## Super Bowl squares revisited

Posted by Doug on January 30, 2008

**See also: **PFR Super Bowl Squares mobile app

Three Super Bowls ago, I wrote this post over at Sabernomics. In it, I looked at your probability of winning a squares pool with any given square. For example, I found that in a one-unit-per-square pool, either of the '0/7' squares would have an expected value of about 3.8 units. Compare that with, say, a '5/6' square, which has an expected value of 0.22, or the lowly `2/2' square and its expected value of .04. Because it was all the data I had at the time, I only considered the last digits of the final scores of games, but someone correctly pointed out in the comments that most pools also give prizes for (the last digits of) the cumulative scores at the end of each quarter.

Well, now I have score-by-quarter data for the entirety of the NFL's 2-point-conversion era (1994--present), so it's time for an update.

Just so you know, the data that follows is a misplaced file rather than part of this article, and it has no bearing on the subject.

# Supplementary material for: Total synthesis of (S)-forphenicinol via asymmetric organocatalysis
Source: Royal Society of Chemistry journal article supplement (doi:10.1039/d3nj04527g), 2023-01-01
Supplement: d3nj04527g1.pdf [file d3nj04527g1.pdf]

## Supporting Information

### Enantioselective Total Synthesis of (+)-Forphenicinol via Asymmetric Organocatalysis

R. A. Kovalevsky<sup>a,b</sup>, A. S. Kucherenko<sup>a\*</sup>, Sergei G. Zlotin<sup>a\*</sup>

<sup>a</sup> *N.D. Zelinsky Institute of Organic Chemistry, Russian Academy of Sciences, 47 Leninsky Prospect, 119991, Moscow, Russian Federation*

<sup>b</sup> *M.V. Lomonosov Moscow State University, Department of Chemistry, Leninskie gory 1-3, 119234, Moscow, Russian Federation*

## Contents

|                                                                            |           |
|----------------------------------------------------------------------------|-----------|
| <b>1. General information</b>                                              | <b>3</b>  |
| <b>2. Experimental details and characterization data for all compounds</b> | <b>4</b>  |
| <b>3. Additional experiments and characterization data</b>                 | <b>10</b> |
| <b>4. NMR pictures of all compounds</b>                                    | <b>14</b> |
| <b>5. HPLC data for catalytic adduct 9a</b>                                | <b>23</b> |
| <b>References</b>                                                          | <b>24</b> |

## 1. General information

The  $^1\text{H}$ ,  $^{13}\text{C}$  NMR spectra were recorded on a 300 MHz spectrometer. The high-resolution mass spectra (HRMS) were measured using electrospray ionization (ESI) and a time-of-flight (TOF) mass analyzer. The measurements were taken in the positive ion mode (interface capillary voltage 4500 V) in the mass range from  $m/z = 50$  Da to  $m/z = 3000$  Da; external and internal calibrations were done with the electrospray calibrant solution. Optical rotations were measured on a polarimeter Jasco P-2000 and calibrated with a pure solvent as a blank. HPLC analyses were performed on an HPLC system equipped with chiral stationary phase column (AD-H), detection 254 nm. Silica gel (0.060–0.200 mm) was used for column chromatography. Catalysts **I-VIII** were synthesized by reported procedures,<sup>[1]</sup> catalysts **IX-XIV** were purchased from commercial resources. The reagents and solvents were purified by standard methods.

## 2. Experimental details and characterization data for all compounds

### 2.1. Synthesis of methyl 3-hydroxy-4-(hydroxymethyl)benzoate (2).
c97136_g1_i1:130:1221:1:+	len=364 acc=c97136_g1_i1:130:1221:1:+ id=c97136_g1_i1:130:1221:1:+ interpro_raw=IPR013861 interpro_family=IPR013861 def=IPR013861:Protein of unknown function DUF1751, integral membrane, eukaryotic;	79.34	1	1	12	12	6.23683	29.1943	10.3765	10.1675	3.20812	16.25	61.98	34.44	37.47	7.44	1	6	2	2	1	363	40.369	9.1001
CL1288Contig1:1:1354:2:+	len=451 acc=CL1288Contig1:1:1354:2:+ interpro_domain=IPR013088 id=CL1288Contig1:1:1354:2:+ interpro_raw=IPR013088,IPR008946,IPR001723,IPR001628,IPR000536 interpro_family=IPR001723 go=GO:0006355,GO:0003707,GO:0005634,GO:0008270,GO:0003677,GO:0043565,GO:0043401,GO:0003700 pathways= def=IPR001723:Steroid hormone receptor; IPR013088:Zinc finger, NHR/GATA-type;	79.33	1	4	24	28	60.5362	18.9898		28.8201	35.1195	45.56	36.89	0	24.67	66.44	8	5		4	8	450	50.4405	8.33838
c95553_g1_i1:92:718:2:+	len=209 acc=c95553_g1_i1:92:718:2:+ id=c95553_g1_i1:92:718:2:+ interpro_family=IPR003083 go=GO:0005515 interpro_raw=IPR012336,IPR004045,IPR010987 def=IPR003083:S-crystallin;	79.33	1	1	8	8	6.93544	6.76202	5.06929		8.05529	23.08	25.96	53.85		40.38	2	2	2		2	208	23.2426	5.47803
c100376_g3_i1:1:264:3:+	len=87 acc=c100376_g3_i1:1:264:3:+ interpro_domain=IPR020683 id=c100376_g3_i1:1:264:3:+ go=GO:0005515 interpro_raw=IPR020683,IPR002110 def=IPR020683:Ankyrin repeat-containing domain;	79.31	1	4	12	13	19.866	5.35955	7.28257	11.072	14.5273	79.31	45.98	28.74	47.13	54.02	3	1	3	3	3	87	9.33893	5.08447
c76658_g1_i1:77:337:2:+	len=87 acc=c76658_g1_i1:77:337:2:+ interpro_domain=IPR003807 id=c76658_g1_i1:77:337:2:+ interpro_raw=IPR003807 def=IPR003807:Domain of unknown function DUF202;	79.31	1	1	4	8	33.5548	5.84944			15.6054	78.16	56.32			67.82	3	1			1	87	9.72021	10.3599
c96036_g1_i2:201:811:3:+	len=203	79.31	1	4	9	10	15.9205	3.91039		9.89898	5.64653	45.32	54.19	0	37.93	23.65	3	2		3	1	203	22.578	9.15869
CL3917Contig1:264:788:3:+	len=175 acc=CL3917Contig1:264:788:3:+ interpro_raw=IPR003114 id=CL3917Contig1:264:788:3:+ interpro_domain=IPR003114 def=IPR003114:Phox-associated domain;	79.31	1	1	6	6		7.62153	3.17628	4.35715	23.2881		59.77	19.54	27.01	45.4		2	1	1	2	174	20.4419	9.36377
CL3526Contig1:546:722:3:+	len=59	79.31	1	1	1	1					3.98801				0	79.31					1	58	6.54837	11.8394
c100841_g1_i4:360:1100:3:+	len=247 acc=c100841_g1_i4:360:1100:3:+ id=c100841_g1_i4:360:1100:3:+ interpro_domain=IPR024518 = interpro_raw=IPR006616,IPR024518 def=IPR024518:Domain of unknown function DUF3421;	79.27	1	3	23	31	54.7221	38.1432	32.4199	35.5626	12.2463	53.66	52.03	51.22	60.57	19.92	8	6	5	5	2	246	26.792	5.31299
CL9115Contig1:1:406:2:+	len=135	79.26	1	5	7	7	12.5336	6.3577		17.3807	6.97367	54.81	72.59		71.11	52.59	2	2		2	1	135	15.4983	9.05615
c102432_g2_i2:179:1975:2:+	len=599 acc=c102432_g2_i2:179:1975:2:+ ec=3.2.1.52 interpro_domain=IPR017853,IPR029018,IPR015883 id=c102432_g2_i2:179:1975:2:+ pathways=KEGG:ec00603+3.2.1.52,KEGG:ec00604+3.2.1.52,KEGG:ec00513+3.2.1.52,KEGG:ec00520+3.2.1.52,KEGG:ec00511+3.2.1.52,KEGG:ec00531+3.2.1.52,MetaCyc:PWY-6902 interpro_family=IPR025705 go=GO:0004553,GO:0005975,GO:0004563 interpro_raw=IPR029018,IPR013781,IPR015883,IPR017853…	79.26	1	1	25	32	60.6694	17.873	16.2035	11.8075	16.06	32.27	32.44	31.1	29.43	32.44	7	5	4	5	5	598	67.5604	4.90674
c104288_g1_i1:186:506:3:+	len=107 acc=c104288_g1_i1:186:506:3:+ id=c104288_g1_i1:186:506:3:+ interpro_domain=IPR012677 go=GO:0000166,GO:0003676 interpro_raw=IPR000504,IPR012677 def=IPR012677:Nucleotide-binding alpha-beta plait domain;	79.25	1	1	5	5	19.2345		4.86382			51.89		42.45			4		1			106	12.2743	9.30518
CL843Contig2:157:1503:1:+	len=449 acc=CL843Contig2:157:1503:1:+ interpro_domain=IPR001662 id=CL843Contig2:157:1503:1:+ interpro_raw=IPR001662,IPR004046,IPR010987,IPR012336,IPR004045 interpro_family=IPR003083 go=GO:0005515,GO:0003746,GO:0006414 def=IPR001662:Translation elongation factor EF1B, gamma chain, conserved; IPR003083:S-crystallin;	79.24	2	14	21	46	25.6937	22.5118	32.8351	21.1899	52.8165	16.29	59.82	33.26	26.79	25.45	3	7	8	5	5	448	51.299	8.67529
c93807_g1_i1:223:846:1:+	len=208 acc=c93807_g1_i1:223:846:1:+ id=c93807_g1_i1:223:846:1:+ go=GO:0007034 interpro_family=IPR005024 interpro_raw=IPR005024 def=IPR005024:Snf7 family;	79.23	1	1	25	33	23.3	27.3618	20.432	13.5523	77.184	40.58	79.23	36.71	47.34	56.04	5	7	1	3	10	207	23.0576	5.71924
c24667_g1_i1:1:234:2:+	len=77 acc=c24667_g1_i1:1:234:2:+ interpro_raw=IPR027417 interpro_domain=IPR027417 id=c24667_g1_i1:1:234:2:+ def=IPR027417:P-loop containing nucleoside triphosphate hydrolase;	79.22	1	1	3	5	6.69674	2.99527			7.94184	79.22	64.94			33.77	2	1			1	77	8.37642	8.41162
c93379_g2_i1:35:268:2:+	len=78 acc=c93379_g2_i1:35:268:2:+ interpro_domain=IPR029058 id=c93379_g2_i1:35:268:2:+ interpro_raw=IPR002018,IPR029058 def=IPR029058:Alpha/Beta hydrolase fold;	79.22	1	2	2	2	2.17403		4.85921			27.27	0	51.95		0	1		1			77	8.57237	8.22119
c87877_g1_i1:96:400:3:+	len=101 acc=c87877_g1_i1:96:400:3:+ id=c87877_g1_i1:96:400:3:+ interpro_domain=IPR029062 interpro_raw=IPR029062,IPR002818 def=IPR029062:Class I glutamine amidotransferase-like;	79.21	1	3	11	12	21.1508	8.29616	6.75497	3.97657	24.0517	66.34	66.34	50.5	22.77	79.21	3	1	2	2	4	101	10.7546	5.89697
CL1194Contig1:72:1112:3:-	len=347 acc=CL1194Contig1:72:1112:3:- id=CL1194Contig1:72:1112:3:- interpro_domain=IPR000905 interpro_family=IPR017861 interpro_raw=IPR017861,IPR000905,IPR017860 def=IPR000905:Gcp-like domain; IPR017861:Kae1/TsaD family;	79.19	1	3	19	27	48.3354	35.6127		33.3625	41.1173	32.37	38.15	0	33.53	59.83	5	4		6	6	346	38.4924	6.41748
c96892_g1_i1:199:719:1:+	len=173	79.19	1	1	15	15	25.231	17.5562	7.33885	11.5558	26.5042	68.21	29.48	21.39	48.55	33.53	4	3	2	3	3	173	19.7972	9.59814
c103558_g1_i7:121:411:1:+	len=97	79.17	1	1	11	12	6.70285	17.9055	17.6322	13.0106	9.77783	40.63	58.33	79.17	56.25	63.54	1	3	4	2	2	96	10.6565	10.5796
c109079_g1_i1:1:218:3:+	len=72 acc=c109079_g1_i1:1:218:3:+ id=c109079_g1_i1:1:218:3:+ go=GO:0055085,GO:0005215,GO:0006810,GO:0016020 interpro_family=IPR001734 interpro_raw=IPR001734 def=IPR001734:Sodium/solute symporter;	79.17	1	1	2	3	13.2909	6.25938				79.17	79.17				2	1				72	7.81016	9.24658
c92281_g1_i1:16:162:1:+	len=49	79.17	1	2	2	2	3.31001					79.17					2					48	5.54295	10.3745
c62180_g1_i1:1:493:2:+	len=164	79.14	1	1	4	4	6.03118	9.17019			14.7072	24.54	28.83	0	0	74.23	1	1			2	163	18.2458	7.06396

I'm sure there are lots of ways to do this, but a bit of googling indicates that a standard payout structure is something like 10% of the pot after each of the first three quarters, and 70% for the final. This doesn't alter things too drastically, but it does have a couple of effects.

- The '0/7' squares enjoy an even larger advantage over an average square. The '0/7' squares have an expected value of about 4.9 under this scheme.
- The '0/0' square starts climbing the charts.

More than 20% of all games are in a '0/0' situation (remember, that includes 10-0 and 10-10 as well as 0-0) after one quarter. At halftime, about 7.5% of all games are a '0/0.' So the more weight you put on the intermediate stages, the better the '0/0' square looks. Here is a chart that shows the expected value of a given square after each quarter, along with a final column that shows the expected value under a 10/10/10/70 system: